Thursday, June 24, 2010

Remember how young your children are (and you, too)

boy in reusable shopping bag 3I've had several occasions recently (and here's where I reveal what an imperfect mother I am) where I'm behaving like a total self-righteous and selfish jerk to my kid — like, say, intentionally ignoring him because he "offended" me — when suddenly I'll see his face — I mean that it will really penetrate my consciousness, not just float around the periphery — and it will come home to me: This is still a child. This is still a baby I'm talking to. This is a 3-year-old I'm having a spat with.

And then I realize how immature my maturity is.

I think sometimes it's easy for us to lose track of how young our children are, especially when they're astounding us by the leaps and bounds they're taking in their development. I wrote before that I was glad Mikko was a "late" talker,1 because it allowed me the clarity to see him as very young and very immature in a way it might have proven impossible as he gained vocabulary:

But I think it gets even worse once babies can talk. Because, now, hoo boy, they must be all growed up and understand everything.

And so you get parents who interpret tantrums not as understandable frustration with not being able to make the world work the way these burgeoning young things want it to, but as intentional and adversarial misbehavior, of crossing a line that (I believe) they didn't know was there to be crossed.

So I'm glad Mikko's not that verbally adept yet. It keeps me humbly considering him still to be a baby and not a malicious mastermind. He must not know that taking all my makeup out of the drawer might be not just an exploration of color and texture but an inconvenience for me, or that pouring his drink on the sofa might not be just a fun experiment in liquids and gravity but an unholy mess for me to clean.

Here's hoping I'll keep that perspective once he can verbalize his intentions and motivations, even if they're at odds with mine.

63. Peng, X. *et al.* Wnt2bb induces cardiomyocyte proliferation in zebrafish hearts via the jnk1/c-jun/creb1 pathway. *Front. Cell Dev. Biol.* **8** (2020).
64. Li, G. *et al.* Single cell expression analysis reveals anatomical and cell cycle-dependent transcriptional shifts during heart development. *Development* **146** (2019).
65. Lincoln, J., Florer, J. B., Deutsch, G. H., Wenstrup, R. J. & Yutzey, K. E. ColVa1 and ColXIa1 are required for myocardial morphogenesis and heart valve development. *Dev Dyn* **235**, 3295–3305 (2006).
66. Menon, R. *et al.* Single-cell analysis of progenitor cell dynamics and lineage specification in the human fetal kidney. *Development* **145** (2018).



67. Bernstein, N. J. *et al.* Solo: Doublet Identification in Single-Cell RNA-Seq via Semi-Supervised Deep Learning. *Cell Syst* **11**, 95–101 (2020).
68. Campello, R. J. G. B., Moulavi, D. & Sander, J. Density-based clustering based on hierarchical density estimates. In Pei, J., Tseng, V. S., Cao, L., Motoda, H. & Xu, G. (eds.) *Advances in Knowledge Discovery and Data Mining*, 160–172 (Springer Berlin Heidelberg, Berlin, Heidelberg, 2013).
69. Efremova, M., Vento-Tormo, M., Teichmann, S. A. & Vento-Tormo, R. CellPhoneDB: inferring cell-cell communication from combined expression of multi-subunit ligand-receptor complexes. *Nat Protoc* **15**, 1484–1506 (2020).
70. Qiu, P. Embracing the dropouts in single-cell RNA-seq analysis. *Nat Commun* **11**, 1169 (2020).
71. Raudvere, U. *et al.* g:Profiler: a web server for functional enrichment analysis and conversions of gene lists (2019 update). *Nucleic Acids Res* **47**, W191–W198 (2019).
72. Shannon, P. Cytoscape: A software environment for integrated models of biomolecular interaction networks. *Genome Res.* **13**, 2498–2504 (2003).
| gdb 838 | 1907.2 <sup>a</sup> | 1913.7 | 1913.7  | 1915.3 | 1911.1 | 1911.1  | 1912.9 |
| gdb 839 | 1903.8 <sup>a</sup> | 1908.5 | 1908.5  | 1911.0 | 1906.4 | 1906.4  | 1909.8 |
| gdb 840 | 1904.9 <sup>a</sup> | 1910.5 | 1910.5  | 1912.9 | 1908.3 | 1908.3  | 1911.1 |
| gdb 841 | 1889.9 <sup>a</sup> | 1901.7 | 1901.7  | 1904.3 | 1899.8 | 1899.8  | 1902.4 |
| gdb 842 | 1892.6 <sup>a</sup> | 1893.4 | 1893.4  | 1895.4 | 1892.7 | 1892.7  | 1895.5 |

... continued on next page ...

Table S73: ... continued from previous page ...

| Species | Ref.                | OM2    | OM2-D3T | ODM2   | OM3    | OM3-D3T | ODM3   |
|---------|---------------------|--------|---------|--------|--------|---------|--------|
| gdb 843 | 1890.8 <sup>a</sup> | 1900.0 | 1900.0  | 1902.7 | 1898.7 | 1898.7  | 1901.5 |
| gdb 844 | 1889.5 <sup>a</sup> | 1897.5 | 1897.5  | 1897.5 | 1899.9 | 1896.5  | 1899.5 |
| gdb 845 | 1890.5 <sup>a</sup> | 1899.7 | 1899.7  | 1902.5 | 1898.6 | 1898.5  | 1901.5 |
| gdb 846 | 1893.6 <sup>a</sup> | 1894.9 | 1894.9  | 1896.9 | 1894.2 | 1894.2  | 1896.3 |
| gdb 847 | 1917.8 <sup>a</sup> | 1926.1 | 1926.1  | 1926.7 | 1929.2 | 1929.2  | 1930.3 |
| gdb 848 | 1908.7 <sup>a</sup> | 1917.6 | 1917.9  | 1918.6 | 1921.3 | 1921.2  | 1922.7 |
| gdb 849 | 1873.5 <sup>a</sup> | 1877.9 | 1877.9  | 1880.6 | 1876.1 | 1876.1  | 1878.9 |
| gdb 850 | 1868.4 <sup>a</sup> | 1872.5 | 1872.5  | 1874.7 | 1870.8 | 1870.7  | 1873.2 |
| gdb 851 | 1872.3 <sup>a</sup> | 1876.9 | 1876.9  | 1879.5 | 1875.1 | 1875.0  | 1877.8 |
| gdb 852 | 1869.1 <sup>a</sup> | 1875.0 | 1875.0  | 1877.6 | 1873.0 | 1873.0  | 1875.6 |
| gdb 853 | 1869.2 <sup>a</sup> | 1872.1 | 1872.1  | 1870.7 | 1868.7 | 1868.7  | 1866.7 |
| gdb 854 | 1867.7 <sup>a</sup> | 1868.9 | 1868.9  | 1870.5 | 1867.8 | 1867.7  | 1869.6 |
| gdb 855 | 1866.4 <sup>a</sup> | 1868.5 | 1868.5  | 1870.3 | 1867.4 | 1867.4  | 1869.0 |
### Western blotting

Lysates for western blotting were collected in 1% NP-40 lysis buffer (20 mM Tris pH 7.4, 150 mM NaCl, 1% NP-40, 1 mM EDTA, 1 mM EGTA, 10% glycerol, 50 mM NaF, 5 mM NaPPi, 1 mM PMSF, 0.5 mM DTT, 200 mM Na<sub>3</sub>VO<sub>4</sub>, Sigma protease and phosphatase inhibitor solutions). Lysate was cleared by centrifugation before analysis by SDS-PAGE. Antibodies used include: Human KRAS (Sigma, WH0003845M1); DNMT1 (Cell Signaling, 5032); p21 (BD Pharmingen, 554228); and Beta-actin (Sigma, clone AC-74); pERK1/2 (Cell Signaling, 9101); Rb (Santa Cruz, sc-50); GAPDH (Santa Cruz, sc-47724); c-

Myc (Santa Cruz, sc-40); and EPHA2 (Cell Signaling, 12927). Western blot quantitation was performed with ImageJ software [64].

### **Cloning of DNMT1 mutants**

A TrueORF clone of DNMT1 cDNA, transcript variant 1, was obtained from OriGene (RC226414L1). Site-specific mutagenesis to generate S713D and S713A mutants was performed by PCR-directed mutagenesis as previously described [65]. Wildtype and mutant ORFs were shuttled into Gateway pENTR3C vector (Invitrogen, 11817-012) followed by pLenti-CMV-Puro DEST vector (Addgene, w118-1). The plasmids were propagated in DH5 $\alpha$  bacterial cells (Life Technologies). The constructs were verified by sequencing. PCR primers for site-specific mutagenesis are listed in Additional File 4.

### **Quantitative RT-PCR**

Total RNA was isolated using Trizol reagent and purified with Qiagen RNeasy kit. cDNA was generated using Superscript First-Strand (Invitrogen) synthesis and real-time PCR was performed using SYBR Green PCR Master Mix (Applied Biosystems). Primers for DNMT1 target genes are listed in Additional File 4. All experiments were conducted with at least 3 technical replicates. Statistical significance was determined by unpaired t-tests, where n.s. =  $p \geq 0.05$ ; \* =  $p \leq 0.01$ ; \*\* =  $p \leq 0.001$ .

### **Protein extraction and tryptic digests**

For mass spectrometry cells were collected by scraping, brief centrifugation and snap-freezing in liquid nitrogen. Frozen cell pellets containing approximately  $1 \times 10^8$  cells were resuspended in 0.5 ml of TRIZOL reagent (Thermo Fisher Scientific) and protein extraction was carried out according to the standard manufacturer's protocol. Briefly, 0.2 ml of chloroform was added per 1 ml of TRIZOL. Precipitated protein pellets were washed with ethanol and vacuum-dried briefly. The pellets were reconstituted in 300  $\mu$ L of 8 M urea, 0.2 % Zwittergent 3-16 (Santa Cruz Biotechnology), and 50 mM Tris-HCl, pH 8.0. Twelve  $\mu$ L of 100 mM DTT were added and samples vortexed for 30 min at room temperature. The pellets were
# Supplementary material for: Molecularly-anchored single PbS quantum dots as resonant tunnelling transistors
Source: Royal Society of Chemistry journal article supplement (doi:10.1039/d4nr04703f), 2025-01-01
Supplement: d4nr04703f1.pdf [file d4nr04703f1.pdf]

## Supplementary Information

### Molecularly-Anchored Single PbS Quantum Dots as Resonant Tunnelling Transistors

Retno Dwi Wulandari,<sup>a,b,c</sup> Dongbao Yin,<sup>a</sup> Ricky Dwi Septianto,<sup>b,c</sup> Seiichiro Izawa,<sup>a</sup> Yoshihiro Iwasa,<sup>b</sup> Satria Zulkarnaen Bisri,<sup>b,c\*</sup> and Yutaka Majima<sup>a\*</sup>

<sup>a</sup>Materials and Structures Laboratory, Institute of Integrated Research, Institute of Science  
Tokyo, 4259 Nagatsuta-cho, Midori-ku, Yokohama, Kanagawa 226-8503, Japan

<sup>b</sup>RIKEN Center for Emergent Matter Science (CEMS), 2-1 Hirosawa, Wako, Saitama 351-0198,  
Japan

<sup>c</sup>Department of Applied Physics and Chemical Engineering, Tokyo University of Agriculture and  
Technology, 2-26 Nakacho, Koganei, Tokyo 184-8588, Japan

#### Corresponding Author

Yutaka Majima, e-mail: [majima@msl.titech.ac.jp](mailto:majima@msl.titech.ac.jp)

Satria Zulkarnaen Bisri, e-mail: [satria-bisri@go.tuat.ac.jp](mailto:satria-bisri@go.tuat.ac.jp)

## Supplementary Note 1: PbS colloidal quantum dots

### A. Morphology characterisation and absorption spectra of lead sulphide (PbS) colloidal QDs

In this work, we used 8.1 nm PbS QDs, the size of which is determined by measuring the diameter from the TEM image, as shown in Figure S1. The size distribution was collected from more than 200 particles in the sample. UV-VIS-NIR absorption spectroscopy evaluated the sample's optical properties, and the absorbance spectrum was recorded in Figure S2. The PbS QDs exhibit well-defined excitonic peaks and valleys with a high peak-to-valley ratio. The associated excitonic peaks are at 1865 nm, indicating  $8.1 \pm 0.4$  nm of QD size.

It turns out I was right (about myself). Now that Mikko can talk so well, I forget sometimes that 3 years old is still, for all intents and purposes, very, very young. He's trying to express himself, but sometimes he gets it wrong. He's trying to understand everything we say, but sometimes he doesn't, even when we think he does.

Just tonight, for instance, our cat sauntered up to us. "Oh, look, Mikko," I said, "Mrs. Pim is saying hello to us."

"No, Mama," says he, patiently. "Mrs. Pim not say 'hello.' She say 'meow'."

In an older child, this would be a joke or sarcasm; in a 3-year-old, it's just a presentation of fact.

I can see this when I'm unemotional and really listening and using my senses to perceive whether he's understanding me or not. When I'm in the middle of anger or frustration is when I lose sight of his sweet baby face — those rounded cheeks and snub nose and wide eyes that should, at all times, remind me he is not an adult and can't be expected to behave like one.

But, you know, I also forgive myself. Because I've had the experience, and maybe you have too, of remembering some sin I committed years ago. For years, there was something I'd done as a 4-year-old that haunted and embarrassed me. One day a few years back, I was watching a 4-year-old play, and it hit me: That 4-year-old me was worthy of forgiveness; she didn't know what she was doing. I might have thought I did, but I was still learning then, still feeling my way. If a 4-year-old now behaved as I did then, I would forgive her without a second thought, realizing that 4 years old is too young for lifelong accountability. Finally, I was able to afford myself that same peace.

I've been watching Joy Nash's videos (reintroduced to me by Arwyn at Raising My Boychick), and "Fat Rant 3: Staircase Wit" has this lovely section at the end where she asks us to look at pictures of ourselves ten years ago and see how dang cute we were — and then remember how harshly we were judging ourselves at the time.

She intends it physically, but it applies in other aspects, too. It's easy in the moment to think about how horrible you are, and how every time you try to act a certain way, you invariably end up acting exactly the opposite — but Future You will be more forgiving, more aware of the fact that you were in transition then, that you were still evolving and changing and becoming and finding your feet.

This is how, ideally, we see our children. And when we stumble, it is ideally how we see ourselves. In ten years, you'll look back on your children as they are now and wonder why on earth you got so bent out of shape over the little things, how you could ever have imagined evil intentions coming from those pursed lips and tiny fingers. And in ten years, you'll look back on yourself as a parent now and see all the ways you were growing and changing and working things through, and you'll — hopefully — have compassion.